As It Happens

'I was so surprised': Owner catches chicken sneaking into her bedroom to lay eggs

A woman in Maine discovered her six-month old chicken regularly flies the coop, sneaking into her house to lay a daily egg in her bedroom.

Kate McCormick didn't know how an egg ended up on her bed until she found her chicken in her bedroom

Kate McCormick caught her chicken hanging out in her bed and laying eggs. (Submitted by Kate McCormick)
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Transcript

It's unsettling to find something inexplicably amiss in your house. But when it's an egg — delicately left on your bed — it's downright bizarre.

But that was the scene Kate McCormick found when she returned to her Waldo, Maine home one day last month. There was the egg, sitting on her bed, and she had no idea how it got there. 

"I did not know what to think," Kate McCormick told As It Happens host Carol Off. "I was so surprised."

Dumbfounded, McCormick initially thought her dog, Jake, was somehow responsible.

"I thought, Jake, you have never picked up an egg in your life. Did you pick up an egg today and bring it upstairs?" McCormick recalled. "My next thought was, gosh, could somebody be playing a joke on me?"

Kate McCormick found an egg on her pillow. (Submitted by Kate McCormick)

At this point, McCormick still didn't suspect it was a direct delivery — which is a bit strange, since McCormick has kept chickens for years in a backyard coop. She currently has 19 hens.

That said, she insists the birds never lay eggs in her house — let alone her bed.

But after calling her friends to make sure it wasn't some weird prank, McCormick started to investigate. The poop trail was the first damning piece of evidence.

"There were some piles of chicken poop on my floor," she said. "I realized, in fact, a chicken had come into the house that day, all on her own, and had not only laid an egg in my bed but had visited multiple rooms in my house."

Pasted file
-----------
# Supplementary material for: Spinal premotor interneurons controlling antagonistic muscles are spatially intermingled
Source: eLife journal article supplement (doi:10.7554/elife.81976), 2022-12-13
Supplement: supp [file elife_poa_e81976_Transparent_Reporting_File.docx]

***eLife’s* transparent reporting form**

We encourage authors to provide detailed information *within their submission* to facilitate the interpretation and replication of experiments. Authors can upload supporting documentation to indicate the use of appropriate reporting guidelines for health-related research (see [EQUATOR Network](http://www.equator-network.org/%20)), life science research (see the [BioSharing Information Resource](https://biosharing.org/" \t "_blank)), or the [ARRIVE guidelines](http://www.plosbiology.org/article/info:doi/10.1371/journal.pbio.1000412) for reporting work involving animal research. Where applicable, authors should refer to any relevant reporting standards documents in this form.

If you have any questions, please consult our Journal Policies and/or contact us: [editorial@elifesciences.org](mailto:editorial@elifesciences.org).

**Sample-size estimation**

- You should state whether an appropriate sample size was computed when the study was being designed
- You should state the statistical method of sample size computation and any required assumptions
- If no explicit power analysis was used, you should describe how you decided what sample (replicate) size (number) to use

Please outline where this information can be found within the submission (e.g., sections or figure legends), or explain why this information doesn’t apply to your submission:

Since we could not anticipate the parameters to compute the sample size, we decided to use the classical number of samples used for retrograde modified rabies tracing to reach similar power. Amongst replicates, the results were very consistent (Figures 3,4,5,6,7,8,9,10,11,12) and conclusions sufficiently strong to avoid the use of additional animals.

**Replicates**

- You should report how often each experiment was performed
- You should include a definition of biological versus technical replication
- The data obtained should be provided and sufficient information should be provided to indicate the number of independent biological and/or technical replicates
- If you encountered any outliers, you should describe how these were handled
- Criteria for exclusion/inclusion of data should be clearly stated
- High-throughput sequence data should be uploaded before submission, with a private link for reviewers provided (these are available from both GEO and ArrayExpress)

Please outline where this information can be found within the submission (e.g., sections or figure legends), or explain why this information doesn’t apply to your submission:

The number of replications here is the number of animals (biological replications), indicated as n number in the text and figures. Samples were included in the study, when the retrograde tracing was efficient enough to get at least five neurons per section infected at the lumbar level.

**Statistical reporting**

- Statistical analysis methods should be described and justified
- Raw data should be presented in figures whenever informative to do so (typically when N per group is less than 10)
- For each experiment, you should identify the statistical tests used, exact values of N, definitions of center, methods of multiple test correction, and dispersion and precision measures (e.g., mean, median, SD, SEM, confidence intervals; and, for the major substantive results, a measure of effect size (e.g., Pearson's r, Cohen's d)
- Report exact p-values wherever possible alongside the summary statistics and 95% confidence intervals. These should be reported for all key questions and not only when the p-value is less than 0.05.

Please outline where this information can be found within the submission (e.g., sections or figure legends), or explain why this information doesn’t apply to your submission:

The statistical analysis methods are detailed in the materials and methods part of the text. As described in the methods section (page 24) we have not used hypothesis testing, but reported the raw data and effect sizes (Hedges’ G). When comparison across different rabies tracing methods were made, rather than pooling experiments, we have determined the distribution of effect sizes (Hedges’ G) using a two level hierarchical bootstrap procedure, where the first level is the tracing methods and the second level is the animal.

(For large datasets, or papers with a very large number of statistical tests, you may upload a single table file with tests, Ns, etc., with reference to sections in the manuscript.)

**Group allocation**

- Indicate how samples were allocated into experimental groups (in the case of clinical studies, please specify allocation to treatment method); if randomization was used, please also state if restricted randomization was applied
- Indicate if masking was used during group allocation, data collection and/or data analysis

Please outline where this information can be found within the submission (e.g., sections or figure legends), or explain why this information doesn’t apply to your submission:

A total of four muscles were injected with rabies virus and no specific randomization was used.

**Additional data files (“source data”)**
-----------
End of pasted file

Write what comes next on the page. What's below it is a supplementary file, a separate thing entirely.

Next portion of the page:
All signs pointed to the chickens. But which one? And how could she be sure?

"I was thinking that night — could I set up a camera in my house? How am I going to catch this chicken in the act?"

A chicken makes itself comfortable in Kate McCormick's home in Waldo, Maine. 0:35

Egg-laying culprit 'very innocent looking'

The day after "the original egg-laying incident," McCormick was having coffee in her living room when she heard chicken noises coming from her magnetic screen doggie door.

"Sure enough, she had come back in the door and had made her way right up the steps," McCormick said. 

"I snuck behind her to my bedroom, and she caught me watching her. And she acted like she was doing nothing out of the ordinary up there, very innocent looking."

McCormick eventually caught the chicken in the act. (Submitted by Kate McCormick)

McCormick didn't want to blow her cover so she listened from outside her bedroom door.

"She kind of clucks and squawks and carries on for a bit," she said. "And the next thing I know, I hear her jump off the bed, and I went and looked and again — there was an egg in my bed."

Case closed. McCormick doesn't name her chickens, but says it's no surprise this particular bird was the culprit.

"She has always been the most people-friendly chicken. ... She seems to really enjoy company and I think that she has found herself a nice cozy spot to lay an egg where she's not bothered by any of the other 19 chickens."

The chicken perched on McCormick's dog Jake. (Submitted by Kate McCormick)

McCormick is a midwife and wonders whether that might have something to do with the bird's unusual behaviour.

"She knows that I am in the delivery business," McCormick said.

Then again, it also sounds like the chicken might have just worked out an arrangement with Jake and be in cahoots with the dog.

"She definitely has a special bond with me and my dog and it's only growing more since that incident because she's now insisting that she is inside while we're here," McCormick said.

"Jake loves it. They actually share a food bowl at times. Jake is a dog that never really finishes his bowl of food."


Written by John McGill. Produced by Morgan Passi.

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